For years, women “water protectors” and leaders of the Sioux, along with allying tribes, have been peacefully protesting against the Dakota Access Pipeline that has jeopardized their community’s water supply as it carries thousands of gallons of oil across the Native territory. Met with opposition and often violence by the police, the women of the tribes have remained steadfast to the movement—and have finally seen a victory for their efforts. In a decision fitting for Wednesday’s Earth Day, a federal judge recently ordered an environmental review of the pipeline. If you’ve been following the environmental movement recently, you’ve probably noticed that some of the most prominent leaders of the cause have been women. While issues such as the Dakota Access Pipeline and climate change have rightfully been deemed feminist causes, it’s important to remember that everyone has a stake in saving Mother Earth—not just women.
Though humans’ harmful footprint on the environment will have a devastating impact on everyone, our society has yet again applied restrictions on which gender gets to hold the reusable tote bag. A 2016 study revealed that both men and women view eco-friendly behavior as feminine—leaving many men to reject taking part in sustainability for fear of risking their masculinity. With seasonal wildfires, flooding, and hurricanes worsening, we don’t have the luxury of letting gender stereotypes keep us from doing our parts.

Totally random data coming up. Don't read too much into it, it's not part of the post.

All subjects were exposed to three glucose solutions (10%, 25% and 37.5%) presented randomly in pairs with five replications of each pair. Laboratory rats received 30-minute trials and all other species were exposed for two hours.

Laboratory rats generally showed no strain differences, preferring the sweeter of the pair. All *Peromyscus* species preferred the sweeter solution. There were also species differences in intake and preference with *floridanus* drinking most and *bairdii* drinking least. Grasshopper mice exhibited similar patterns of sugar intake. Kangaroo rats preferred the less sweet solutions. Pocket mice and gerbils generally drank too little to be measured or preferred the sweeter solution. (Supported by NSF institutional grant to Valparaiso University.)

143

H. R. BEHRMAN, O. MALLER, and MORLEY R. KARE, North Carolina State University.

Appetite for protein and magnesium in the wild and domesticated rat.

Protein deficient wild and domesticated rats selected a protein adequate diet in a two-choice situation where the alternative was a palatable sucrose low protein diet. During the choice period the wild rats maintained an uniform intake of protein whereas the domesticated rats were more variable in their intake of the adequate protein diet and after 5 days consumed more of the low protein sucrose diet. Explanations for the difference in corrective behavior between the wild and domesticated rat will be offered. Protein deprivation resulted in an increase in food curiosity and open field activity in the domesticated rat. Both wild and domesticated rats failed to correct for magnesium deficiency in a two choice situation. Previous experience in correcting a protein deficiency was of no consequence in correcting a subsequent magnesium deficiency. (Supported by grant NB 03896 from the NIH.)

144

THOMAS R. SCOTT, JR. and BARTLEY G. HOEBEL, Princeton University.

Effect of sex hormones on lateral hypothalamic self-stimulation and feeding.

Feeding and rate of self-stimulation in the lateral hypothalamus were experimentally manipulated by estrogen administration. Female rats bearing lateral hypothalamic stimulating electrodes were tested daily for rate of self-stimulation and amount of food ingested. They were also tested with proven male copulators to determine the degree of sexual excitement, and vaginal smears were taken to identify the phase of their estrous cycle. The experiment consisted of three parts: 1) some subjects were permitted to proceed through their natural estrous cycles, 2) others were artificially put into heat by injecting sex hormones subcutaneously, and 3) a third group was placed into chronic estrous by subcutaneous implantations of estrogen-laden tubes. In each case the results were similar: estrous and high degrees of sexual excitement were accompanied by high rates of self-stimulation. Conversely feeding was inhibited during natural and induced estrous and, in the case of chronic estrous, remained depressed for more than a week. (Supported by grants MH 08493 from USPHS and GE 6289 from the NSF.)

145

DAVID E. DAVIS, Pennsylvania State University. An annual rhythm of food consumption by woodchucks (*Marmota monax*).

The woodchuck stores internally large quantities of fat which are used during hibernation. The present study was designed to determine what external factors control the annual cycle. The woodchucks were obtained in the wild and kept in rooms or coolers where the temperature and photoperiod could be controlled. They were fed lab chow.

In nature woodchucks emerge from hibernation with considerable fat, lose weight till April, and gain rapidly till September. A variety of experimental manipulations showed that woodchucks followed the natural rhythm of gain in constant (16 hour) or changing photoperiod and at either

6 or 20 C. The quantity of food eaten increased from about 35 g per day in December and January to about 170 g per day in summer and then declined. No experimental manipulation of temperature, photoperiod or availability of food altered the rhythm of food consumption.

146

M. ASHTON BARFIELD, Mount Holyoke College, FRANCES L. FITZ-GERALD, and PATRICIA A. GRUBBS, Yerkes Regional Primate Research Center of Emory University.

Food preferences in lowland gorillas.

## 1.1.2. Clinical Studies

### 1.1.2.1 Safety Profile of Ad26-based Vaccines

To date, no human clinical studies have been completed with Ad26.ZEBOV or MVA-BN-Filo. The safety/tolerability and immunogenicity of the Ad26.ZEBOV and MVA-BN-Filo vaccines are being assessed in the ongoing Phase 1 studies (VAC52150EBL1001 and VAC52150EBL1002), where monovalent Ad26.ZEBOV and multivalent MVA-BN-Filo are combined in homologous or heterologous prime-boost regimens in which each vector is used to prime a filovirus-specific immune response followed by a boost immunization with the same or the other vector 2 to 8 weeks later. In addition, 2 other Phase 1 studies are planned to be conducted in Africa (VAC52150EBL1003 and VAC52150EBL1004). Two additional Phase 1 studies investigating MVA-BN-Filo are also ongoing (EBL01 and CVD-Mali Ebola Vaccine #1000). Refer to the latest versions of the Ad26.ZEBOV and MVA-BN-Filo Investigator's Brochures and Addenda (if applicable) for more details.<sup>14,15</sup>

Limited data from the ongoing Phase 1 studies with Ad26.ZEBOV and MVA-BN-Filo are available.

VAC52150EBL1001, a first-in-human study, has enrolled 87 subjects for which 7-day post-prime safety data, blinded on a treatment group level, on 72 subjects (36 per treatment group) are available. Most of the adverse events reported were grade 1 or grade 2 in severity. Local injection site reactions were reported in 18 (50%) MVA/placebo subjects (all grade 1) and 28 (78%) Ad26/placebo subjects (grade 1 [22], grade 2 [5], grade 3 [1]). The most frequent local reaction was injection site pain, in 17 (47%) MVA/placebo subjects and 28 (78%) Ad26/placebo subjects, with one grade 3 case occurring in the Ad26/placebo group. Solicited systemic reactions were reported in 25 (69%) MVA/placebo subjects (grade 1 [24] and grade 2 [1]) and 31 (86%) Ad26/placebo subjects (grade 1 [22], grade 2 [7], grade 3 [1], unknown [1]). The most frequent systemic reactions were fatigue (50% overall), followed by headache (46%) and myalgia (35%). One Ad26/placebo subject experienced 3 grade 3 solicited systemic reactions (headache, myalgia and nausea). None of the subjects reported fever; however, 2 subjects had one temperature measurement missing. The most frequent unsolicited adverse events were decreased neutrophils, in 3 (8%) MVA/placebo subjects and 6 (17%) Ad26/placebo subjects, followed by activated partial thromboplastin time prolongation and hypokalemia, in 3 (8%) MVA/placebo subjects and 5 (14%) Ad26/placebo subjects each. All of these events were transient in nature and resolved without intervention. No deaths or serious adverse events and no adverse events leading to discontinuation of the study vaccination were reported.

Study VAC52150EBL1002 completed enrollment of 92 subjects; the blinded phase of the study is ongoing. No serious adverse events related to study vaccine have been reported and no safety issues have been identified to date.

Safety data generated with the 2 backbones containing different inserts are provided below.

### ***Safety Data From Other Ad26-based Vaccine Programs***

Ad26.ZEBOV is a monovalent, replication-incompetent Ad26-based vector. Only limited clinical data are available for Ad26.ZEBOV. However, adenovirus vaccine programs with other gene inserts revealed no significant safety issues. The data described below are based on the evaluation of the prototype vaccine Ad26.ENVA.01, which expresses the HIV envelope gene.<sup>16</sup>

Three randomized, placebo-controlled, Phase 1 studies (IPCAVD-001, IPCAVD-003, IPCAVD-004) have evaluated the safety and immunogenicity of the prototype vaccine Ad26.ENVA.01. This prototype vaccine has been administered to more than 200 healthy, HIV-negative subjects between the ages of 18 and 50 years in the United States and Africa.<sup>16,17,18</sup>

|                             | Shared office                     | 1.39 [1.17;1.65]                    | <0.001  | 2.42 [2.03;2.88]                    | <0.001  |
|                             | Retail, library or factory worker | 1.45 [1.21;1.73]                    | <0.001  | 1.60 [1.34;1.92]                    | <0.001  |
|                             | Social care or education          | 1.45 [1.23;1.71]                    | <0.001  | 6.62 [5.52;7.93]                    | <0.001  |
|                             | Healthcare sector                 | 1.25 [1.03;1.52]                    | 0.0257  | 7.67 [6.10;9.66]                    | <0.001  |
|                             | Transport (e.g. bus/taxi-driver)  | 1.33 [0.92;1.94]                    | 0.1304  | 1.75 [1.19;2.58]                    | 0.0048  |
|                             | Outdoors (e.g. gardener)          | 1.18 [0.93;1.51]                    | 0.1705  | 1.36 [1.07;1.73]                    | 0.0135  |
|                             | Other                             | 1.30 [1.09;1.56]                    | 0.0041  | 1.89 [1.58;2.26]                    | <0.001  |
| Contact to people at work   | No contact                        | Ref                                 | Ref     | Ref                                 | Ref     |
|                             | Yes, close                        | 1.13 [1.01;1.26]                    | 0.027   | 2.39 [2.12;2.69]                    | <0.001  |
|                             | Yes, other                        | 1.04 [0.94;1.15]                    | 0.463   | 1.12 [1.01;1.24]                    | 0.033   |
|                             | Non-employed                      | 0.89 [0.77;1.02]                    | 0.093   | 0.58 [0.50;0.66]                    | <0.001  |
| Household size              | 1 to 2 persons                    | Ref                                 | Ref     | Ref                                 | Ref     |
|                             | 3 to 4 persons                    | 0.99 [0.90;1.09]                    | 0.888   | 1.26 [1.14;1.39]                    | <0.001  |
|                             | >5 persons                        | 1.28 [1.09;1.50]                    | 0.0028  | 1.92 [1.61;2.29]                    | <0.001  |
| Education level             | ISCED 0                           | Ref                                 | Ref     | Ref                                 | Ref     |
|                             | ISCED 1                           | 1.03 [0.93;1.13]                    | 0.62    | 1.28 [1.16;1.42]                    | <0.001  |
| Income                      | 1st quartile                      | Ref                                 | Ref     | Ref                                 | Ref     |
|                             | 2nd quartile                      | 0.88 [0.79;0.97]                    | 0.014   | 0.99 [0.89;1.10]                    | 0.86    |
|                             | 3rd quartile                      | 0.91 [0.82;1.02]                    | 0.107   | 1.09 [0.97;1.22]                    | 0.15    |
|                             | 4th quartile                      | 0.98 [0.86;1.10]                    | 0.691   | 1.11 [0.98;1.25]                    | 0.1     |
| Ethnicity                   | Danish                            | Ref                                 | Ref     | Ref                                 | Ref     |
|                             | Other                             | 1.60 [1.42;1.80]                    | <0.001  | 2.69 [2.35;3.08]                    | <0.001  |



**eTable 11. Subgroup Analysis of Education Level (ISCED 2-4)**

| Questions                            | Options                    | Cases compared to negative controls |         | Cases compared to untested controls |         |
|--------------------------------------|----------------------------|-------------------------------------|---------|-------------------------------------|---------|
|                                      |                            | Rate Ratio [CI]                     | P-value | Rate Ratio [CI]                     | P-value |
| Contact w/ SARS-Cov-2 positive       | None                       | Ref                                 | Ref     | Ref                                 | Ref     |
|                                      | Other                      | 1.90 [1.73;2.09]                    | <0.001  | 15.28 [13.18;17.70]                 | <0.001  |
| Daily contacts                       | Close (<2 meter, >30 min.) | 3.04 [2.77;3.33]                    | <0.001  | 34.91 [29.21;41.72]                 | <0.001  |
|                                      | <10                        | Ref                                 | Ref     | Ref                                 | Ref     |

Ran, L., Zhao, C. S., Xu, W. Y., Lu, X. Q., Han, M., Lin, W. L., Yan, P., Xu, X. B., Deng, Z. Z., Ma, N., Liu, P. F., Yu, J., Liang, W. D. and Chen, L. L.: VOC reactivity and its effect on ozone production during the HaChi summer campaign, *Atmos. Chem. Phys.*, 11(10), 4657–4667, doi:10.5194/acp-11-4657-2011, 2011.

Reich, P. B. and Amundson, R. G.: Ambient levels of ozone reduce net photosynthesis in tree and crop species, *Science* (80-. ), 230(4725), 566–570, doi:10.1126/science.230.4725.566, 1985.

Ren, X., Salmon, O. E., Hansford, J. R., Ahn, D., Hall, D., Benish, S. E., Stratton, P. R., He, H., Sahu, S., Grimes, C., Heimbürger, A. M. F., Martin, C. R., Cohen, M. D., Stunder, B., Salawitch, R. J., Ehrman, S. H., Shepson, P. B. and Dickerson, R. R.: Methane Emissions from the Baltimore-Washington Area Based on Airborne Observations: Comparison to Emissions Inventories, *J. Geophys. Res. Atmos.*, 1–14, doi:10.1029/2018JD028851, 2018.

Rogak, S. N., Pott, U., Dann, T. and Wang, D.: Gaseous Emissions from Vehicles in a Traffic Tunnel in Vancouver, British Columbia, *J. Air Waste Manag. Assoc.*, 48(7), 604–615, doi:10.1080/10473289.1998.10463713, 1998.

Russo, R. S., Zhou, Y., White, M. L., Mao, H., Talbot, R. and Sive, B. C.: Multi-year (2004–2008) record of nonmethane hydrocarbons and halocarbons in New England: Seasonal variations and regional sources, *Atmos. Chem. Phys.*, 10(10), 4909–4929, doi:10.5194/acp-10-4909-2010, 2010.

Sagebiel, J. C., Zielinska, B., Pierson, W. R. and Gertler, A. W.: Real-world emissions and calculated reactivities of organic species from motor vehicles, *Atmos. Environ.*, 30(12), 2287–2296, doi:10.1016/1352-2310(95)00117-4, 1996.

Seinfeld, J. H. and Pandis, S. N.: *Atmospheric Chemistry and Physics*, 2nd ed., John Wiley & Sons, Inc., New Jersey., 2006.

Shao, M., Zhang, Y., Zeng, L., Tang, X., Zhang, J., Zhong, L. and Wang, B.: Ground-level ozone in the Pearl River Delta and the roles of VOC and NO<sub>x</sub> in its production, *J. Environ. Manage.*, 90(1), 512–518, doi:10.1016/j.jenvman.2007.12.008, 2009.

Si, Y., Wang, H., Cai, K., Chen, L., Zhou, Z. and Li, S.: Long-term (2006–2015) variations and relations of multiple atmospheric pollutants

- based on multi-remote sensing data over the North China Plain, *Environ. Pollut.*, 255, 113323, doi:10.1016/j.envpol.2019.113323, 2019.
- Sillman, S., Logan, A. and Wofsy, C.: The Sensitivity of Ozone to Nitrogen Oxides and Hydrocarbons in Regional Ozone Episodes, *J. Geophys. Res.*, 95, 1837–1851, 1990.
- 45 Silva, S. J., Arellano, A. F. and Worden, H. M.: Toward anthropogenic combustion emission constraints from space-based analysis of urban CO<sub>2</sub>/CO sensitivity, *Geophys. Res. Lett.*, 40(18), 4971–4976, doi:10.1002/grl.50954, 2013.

While some have felt the pressure of gender deter them from recycling, a new generation of eco-warriors has risen to the challenge. 17-year-old powerhouse Greta Thunberg has become the face of a generation discontent with the progress of environmental protections. The young activist has kept those in power on their toes, remarking: “For way too long, the politicians and the people in power have gotten away with not doing anything to fight the climate crisis, but we will make sure that they will not get away with it any longer. We are striking because we have done our homework and they have not.” Young women like Autumn Peltier, Mari Copeny (aka Little Miss Flint), and Xiye Bastida are just a few more inspiring and notable activists that have “done their homework” and are using their voices to bring about change.
Women are disproportionately affected by environmental disasters. 80 percent of people displaced by climate change are women, women face increasing rates of domestic violence as the globe warms, and issues such as the construction of the Dakota Access Pipeline have brought along health, economic, and community concerns for women of color. Though the abuse to the Earth has specific consequences for women and girls, the impact it has on our society can be felt by everyone. So the next time you hear someone question the importance of fighting for our environment, remember the words of actor and environmental organizer Jane Fonda: “We have very little time, and if we don’t do what’s necessary in that brief amount of time, it’s hard to even think about what the future is going to be like.”